Tips + a recipe for baking these sweet delights
There’s a difference between macaroons and the delectably light and stylish macaron; the first is a confection usually made with ground almonds or coconut, which is rather dense and filling. The Parisian macaron, however, is a lighter-than-air biscuit with a ganache or butter cream filling: two delicious yet brittle meringue biscuits that deliver a delicate crunch, and a moist and chewy centre in between. During a baking class at Le Dolci, a food education studio in Toronto, we acquired useful tips, as well as the confidence to tackle creating our own French macarons; sculptress-turned-pastry-chef Lindsey Greflund demonstrated the process.
The art of baking macarons
Macarons can be as colourful as you please: gel-based food colouring can be used to suit your whimsy, or match the colours of an event. What’s more, a large batch of shells can be frozen (after cooling) for up to a month. A few hours of baking can really be worth your while when planning a special event or party. However, the baking process for a dessert this delicate is a little more challenging than turning out a cake.
First, gathering all supplies and equipment you’ll need is a must. All the ingredients are measured by weight, which is the most accurate way of getting the amounts right. Making sure that the egg whites are not contaminated with even the slightest bit of yolk or shell is important; so if your egg cracking skills aren’t the best, purchasing a carton of egg whites may be a wise idea. The most important stage is the sugar syrup and the meringue. Basically, you should start the syrup, bring it to a boil without stirring, and use a candy thermometer to check the temperature. During this time, use your mixer on the low setting to whisk the egg whites.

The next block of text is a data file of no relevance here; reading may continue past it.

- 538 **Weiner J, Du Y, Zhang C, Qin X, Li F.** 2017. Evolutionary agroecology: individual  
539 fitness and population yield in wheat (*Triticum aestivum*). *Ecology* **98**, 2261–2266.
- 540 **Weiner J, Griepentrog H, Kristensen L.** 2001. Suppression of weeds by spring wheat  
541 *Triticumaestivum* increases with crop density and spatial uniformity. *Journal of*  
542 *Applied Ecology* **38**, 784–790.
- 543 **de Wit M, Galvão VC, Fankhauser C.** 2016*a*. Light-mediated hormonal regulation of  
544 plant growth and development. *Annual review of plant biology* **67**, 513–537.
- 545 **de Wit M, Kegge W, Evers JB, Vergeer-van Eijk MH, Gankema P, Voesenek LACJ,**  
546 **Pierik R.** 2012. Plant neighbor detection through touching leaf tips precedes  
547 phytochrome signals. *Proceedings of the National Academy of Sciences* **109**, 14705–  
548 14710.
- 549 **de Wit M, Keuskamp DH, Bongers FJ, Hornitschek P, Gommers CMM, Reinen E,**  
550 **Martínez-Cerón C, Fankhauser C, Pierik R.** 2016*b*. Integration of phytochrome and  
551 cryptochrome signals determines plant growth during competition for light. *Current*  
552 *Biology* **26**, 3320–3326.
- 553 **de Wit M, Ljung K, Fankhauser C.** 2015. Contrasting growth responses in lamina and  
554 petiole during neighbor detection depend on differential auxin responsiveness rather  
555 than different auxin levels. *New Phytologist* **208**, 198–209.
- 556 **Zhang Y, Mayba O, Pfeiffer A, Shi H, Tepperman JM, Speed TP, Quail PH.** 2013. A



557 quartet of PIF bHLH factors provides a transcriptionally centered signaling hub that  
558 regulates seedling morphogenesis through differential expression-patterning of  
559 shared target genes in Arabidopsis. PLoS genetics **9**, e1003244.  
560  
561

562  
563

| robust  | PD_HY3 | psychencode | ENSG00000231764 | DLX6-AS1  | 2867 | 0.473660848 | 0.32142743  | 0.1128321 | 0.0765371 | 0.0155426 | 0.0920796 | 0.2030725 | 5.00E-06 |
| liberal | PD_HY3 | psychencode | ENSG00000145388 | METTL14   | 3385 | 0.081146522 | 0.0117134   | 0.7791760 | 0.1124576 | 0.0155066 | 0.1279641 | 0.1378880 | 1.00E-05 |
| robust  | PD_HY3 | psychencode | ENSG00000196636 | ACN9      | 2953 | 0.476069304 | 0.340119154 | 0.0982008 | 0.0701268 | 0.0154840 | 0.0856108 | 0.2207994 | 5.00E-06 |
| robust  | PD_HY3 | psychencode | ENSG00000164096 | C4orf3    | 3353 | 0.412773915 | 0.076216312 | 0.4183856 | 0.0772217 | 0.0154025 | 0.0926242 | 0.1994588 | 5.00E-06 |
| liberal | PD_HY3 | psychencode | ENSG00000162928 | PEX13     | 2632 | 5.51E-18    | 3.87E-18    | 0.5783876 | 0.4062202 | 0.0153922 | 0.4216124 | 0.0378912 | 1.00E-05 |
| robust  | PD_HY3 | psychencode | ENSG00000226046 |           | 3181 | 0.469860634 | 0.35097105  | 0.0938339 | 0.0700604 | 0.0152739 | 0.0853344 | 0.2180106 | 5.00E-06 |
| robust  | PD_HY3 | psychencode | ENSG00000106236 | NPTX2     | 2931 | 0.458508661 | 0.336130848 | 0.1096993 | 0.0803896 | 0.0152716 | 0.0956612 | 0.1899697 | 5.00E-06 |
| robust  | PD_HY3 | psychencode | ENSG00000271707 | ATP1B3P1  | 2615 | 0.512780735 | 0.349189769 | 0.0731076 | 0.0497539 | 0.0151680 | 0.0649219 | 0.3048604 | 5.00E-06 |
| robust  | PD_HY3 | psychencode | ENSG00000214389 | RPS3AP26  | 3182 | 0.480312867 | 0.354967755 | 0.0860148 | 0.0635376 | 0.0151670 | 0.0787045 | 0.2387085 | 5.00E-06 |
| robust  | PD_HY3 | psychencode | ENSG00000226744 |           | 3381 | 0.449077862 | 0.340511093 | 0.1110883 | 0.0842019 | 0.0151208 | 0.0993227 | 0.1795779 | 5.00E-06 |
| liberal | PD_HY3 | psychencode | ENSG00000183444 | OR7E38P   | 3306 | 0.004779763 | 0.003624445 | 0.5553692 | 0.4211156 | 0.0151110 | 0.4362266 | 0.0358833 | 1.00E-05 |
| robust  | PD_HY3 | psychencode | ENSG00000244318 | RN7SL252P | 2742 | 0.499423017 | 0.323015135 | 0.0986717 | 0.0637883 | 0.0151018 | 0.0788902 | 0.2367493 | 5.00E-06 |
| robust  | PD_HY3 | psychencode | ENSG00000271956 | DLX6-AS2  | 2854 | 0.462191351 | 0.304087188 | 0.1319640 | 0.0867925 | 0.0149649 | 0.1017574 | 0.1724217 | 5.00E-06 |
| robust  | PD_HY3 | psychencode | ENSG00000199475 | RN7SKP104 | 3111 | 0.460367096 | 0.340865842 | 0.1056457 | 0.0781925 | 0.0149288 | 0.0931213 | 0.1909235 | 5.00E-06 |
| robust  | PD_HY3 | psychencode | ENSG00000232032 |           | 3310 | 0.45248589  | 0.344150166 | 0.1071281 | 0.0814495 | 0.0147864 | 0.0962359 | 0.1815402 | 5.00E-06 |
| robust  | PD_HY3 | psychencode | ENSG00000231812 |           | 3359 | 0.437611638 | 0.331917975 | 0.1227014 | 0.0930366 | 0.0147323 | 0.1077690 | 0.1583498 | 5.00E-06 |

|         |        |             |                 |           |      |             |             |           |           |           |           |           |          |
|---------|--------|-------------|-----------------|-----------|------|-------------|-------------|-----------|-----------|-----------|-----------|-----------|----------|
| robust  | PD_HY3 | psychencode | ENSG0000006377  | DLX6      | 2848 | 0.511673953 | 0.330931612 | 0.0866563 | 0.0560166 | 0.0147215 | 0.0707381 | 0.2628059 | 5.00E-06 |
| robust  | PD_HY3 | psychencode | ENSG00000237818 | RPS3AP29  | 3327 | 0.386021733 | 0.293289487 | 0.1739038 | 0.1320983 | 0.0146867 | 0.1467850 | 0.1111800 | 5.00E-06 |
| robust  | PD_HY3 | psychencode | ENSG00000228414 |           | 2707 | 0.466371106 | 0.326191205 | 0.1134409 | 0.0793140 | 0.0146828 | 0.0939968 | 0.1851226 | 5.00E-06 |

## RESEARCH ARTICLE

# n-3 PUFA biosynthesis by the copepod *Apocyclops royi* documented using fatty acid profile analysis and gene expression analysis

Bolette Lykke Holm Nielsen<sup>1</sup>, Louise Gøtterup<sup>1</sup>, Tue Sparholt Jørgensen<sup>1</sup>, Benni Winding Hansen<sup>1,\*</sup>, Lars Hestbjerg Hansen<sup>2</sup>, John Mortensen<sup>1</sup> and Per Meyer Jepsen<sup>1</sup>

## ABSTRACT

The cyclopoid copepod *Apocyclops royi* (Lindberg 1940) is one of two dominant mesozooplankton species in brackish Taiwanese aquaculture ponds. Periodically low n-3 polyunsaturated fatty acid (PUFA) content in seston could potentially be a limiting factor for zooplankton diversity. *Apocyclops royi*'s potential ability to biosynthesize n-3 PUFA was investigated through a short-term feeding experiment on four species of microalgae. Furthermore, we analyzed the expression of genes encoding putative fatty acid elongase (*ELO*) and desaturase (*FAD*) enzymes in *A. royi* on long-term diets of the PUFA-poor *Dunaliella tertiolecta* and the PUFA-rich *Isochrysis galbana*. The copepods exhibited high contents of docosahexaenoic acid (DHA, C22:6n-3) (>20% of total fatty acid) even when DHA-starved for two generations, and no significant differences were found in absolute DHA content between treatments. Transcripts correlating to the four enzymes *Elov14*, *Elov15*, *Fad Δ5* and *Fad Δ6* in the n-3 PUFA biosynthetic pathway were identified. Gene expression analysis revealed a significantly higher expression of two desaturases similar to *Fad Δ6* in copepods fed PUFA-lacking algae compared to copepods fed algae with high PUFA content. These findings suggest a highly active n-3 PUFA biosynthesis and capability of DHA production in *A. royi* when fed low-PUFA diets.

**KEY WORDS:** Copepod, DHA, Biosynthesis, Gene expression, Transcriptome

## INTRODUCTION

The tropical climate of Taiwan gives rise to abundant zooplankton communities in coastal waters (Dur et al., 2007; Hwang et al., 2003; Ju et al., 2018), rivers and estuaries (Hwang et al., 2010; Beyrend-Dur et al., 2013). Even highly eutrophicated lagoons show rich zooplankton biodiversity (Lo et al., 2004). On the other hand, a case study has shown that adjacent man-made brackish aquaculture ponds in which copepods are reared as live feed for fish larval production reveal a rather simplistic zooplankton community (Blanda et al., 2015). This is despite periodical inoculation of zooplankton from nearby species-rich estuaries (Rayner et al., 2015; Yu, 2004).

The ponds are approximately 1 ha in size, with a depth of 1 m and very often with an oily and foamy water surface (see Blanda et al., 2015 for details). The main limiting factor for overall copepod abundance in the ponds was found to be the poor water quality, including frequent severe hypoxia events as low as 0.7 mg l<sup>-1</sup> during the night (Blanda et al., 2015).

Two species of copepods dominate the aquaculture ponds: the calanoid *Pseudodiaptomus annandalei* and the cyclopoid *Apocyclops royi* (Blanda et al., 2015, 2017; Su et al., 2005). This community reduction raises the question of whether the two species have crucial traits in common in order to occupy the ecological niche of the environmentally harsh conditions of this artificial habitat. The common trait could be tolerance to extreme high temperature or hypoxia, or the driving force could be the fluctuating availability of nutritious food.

When your syrup reaches 112°C is when you should change the setting on your mixer to medium speed for the egg whites. Timing is everything! When the syrup reaches 114°C, it is gently and slowly mixed into the egg whites. Finally, when the meringue has cooled in the metal mixing bowl, you are ready for the next stage. The manner in which the meringue is mixed by hand into the large bowl with the TPT is important. (TPT is a French baking terminology for ‘tant pour tant’, which designates the mixture consisting of equal parts almond flour and icing sugar.)
The final hand mixing technique is all about the ‘s’-shaped movement used to blend the TPT and the meringue together until smooth. Then, you are ready to fill disposable plastic piping bags for the next stage. Finally, when baking the macarons, check to make sure they are rising evenly, and don’t hesitate to turn the baking trays if necessary!
Macaron Shell Recipe
500g TPT (250g icing sugar + 250g almond flour. Grind in food processor and sieve)
200g egg whites
2 pinches of salt
Food colouring (optional)
1. Place TPT in a big bowl for mixing.
2. Place 200g sugar and water in a saucepan. Bring to a boil at medium heat.
3. Place egg whites in the mixing bowl with whisk attachment.
4. Place 100g sugar in a small bowl and set aside.
5. When the syrup in the saucepan starts to boil, turn the mixer on low speed. When the egg whites get foamy, start to add the 100g sugar little by little until it becomes a soft meringue.
6. When the syrup reaches 114°C, pour in a thin stream over the meringue while the mixer is running on low speed.
7. When the syrup has been poured in completely, increase mixer speed to medium.
8. When the meringue builds a “body”, add pinches of salt and drops of food colouring.
9. When the meringue creates lines with the whisk, has volume and is cool to the touch, stop the mixer and add to TPT.
10. Fold meringue in two parts, making sure to get rid of lumps and incorporate TPT at the bottom.
11. Pipe mixture into small circles on parchment paper or silicon mat and bake at 290°F for 10-12 minutes.
12. To check if the shells are baked, lightly lift one shell inside the oven. If it comes off completely, they are ready.
13. Let the macaron shells cool before filling with ganache/buttercream.